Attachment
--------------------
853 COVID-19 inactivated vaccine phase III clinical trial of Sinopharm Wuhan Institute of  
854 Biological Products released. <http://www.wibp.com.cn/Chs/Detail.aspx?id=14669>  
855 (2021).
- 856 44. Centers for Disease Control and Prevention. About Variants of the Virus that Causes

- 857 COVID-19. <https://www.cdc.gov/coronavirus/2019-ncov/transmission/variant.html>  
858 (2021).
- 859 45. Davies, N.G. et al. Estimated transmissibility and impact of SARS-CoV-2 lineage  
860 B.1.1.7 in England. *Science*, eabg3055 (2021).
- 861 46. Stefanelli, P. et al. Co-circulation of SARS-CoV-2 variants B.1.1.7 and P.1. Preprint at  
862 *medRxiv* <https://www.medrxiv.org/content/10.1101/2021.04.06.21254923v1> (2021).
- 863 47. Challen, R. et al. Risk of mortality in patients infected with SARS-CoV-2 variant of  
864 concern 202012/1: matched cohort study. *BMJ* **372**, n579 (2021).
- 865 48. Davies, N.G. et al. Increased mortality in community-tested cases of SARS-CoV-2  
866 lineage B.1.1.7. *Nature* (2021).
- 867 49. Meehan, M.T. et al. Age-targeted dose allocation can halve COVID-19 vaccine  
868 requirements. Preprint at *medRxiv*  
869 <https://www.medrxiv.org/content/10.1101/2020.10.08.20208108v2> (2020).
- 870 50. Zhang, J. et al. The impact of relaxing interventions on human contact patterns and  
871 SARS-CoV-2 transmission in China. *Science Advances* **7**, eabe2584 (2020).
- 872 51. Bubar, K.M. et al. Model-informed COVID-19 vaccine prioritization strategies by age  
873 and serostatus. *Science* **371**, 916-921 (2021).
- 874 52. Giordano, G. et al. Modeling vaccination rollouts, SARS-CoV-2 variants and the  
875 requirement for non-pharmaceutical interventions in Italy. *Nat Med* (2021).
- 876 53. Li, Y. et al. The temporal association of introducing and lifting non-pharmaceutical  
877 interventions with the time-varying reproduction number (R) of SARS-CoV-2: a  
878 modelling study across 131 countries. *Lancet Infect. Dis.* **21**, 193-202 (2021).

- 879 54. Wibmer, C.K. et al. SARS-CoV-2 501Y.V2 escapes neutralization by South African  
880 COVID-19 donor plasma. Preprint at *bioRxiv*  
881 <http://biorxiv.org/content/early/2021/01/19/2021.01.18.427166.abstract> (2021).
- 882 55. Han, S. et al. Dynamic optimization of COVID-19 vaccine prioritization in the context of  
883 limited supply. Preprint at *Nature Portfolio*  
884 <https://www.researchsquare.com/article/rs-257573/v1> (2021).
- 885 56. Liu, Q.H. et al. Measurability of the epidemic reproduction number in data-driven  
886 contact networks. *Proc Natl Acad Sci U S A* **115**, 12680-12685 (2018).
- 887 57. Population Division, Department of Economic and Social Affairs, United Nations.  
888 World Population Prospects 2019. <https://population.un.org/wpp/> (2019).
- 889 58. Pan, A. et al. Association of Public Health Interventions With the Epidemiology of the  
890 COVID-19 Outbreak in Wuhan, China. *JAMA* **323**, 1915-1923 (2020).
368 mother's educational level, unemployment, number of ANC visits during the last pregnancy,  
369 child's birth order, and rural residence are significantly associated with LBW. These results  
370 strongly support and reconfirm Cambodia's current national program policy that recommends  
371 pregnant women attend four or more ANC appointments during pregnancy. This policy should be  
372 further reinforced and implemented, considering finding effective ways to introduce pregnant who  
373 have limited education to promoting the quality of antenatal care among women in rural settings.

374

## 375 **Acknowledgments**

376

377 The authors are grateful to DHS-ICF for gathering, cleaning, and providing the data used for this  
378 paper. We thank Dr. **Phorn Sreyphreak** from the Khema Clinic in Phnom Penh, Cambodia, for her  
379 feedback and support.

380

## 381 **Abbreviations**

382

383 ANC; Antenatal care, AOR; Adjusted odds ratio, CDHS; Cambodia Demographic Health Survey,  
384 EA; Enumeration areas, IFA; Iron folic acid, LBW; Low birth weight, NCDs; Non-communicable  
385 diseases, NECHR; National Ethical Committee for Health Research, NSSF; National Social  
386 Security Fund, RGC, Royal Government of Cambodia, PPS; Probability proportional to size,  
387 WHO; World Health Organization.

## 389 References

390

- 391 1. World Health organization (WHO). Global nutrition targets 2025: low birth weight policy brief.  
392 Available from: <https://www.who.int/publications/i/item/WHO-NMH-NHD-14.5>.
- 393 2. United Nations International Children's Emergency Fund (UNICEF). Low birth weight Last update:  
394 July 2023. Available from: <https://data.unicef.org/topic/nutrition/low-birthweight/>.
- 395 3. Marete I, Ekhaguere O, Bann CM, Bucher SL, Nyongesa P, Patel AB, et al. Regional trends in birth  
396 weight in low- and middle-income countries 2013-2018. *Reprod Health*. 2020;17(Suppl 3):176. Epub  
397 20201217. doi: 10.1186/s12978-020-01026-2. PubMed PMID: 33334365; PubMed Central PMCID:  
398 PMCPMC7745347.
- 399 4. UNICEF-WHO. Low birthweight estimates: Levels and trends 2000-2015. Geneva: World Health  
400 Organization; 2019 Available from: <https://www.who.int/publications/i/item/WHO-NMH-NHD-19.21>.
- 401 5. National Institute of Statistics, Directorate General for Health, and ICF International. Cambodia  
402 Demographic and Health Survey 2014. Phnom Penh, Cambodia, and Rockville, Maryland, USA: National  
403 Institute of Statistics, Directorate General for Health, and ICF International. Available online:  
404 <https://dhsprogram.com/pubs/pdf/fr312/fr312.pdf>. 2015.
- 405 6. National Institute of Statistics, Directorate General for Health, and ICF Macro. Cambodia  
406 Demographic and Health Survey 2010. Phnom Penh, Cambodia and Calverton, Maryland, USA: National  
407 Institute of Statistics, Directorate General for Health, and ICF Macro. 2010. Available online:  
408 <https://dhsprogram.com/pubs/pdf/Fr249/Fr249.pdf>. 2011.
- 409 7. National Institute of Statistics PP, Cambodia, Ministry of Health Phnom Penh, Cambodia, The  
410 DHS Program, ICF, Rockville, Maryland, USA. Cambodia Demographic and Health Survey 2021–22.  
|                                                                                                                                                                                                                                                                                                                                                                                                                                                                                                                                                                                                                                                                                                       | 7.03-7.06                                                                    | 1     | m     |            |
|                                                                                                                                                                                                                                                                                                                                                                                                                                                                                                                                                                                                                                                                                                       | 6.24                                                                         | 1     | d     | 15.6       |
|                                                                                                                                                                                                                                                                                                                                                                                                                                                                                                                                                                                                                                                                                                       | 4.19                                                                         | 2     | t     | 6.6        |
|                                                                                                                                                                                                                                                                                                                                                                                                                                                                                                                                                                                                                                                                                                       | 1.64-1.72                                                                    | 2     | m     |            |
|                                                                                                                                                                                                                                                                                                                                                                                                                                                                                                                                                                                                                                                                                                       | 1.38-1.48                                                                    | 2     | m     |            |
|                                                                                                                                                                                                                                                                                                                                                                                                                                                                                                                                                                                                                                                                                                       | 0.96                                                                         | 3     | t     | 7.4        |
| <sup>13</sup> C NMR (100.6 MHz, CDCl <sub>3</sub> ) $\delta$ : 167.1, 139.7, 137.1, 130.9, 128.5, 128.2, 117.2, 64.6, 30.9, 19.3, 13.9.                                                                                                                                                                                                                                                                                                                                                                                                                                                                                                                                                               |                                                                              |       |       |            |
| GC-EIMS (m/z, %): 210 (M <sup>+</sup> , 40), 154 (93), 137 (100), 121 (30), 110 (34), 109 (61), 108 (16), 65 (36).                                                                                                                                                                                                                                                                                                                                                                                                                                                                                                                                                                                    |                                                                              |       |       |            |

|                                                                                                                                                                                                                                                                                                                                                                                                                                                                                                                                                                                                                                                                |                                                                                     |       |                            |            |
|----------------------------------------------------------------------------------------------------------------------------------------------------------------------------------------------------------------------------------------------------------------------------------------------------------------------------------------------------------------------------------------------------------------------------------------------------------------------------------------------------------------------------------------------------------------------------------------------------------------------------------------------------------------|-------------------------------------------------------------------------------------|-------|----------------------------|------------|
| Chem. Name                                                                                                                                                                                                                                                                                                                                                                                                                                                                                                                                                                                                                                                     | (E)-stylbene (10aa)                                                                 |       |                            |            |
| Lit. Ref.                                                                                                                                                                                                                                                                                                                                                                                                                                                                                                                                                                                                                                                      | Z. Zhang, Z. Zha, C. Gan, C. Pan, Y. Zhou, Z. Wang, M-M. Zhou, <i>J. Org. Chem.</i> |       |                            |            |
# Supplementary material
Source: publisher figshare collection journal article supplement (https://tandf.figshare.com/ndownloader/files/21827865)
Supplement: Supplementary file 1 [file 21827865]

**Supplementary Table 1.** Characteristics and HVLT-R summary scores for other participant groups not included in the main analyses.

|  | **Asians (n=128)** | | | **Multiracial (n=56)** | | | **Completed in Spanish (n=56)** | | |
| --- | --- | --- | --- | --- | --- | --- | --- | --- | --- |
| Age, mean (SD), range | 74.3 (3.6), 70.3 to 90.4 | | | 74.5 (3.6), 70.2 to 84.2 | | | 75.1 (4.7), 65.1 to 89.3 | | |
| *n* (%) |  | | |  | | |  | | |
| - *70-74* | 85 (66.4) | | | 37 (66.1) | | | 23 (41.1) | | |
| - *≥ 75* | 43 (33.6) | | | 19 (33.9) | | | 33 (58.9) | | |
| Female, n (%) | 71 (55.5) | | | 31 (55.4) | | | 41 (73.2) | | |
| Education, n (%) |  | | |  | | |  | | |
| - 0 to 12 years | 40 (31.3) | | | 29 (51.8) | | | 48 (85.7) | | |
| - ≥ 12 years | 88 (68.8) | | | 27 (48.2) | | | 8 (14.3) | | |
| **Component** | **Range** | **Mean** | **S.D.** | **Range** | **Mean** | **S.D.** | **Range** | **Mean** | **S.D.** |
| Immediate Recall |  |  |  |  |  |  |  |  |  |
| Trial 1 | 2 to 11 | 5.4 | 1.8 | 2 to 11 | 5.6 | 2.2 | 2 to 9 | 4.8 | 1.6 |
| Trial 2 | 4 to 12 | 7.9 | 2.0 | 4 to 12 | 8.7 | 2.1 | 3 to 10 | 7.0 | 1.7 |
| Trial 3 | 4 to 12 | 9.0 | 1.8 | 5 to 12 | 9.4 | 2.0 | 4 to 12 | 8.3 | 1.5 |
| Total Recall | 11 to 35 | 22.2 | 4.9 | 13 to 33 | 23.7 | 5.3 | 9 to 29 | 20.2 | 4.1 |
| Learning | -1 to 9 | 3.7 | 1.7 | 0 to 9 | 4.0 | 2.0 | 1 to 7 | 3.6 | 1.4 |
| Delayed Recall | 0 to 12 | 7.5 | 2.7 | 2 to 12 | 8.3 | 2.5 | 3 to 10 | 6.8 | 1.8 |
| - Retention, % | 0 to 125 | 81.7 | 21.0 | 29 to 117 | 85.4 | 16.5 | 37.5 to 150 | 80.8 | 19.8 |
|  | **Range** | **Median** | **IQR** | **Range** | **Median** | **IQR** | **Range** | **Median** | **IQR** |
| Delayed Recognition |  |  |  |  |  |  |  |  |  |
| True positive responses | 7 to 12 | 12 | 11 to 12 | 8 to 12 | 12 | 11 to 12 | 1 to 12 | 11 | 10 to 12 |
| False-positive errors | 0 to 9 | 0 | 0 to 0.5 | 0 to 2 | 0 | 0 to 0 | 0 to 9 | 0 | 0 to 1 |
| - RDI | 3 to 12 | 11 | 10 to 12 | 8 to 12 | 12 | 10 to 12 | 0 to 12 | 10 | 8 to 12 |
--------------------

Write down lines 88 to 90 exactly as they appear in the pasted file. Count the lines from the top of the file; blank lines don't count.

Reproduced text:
| GC-EIMS (m/z, %): 210 (M <sup>+</sup> , 40), 154 (93), 137 (100), 121 (30), 110 (34), 109 (61), 108 (16), 65 (36).                                                                                                                                                                                                                                                                                                                                                                                                                                                                                                                                                                                    |                                                                              |       |       |            |

|                                                                                                                                                                                                                                                                                                                                                                                                                                                                                                                                                                                                                                                                |                                                                                     |       |                            |            |
|----------------------------------------------------------------------------------------------------------------------------------------------------------------------------------------------------------------------------------------------------------------------------------------------------------------------------------------------------------------------------------------------------------------------------------------------------------------------------------------------------------------------------------------------------------------------------------------------------------------------------------------------------------------|-------------------------------------------------------------------------------------|-------|----------------------------|------------|